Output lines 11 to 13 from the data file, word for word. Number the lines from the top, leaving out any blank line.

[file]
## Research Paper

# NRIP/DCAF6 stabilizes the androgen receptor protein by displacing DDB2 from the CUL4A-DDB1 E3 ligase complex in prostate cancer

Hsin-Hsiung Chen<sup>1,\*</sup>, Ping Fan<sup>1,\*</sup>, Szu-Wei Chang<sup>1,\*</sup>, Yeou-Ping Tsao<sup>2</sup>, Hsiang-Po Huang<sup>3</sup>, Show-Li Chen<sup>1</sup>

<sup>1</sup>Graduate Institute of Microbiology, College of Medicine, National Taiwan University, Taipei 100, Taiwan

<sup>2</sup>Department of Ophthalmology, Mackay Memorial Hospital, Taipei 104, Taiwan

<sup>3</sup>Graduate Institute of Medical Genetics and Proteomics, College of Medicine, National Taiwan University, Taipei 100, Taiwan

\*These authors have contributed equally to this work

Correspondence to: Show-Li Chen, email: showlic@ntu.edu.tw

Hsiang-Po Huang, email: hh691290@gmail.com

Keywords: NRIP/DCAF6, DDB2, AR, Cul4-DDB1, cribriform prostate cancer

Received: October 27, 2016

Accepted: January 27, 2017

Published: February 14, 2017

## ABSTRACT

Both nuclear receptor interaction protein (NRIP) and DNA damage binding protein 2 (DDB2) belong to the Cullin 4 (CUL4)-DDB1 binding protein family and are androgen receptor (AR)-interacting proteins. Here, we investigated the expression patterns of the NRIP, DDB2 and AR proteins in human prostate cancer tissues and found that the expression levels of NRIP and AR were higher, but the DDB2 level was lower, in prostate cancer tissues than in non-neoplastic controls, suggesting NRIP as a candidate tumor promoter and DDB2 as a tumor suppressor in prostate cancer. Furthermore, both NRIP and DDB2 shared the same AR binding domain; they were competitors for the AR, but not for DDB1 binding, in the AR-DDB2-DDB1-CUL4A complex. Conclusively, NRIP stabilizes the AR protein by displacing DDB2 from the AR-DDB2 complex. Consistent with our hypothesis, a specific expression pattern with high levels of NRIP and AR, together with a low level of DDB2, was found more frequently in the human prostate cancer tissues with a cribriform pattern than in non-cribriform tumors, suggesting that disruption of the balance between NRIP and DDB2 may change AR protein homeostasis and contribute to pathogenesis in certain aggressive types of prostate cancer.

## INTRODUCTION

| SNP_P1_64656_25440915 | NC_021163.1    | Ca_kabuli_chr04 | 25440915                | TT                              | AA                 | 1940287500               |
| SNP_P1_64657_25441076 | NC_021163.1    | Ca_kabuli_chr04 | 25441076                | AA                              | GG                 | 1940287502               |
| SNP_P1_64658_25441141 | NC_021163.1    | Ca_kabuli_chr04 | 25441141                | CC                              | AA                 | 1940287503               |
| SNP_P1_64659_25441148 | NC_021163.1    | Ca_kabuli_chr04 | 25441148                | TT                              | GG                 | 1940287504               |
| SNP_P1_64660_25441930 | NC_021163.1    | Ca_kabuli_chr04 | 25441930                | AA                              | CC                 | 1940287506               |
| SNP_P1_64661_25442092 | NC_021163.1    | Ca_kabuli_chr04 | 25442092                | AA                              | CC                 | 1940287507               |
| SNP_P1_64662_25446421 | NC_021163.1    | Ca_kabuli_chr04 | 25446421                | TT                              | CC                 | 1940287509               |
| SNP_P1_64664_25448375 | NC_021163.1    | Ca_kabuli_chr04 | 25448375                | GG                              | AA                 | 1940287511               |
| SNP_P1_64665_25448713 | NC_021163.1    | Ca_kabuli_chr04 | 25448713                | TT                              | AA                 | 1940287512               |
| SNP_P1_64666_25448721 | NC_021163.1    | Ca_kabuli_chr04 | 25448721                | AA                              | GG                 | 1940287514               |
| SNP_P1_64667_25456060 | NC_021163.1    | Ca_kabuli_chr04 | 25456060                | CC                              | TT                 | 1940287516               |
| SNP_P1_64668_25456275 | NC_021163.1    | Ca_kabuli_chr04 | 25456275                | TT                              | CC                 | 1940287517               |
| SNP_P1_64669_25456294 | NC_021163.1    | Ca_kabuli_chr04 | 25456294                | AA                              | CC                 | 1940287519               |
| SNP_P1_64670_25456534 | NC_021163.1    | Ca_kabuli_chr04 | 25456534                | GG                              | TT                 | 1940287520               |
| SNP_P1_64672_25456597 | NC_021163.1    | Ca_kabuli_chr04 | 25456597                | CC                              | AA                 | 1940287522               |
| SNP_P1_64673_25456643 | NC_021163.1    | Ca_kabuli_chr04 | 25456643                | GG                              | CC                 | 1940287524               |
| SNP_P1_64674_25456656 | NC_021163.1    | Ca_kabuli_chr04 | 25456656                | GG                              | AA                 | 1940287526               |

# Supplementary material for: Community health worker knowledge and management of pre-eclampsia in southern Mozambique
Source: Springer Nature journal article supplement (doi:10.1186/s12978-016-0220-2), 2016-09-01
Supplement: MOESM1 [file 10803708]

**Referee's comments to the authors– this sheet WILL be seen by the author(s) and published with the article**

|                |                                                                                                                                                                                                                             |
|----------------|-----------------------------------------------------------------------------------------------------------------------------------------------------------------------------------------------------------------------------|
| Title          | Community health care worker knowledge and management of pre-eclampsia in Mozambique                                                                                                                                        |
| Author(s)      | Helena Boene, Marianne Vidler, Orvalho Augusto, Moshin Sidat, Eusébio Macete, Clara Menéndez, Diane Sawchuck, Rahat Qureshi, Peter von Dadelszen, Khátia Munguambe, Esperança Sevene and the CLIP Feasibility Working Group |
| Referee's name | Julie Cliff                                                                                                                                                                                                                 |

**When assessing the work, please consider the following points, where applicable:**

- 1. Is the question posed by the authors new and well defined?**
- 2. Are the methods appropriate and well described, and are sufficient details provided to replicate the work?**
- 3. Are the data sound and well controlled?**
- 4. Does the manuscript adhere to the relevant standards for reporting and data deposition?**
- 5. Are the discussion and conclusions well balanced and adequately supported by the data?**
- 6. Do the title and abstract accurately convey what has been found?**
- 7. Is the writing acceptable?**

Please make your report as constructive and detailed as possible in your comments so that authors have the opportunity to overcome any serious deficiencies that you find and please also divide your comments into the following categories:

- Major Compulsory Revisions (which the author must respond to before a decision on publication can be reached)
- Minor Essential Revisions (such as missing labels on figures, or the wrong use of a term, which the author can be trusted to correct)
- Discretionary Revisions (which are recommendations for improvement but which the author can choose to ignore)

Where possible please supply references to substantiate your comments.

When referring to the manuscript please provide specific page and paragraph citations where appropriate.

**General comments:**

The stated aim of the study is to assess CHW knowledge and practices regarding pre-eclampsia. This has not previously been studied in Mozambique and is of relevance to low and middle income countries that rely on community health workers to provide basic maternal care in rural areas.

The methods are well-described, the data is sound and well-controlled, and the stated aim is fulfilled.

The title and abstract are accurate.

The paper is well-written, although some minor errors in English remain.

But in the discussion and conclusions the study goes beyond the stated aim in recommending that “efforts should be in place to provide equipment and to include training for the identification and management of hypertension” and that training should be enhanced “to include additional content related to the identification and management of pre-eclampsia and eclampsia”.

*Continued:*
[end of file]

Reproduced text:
Received: October 27, 2016

Accepted: January 27, 2017

Published: February 14, 2017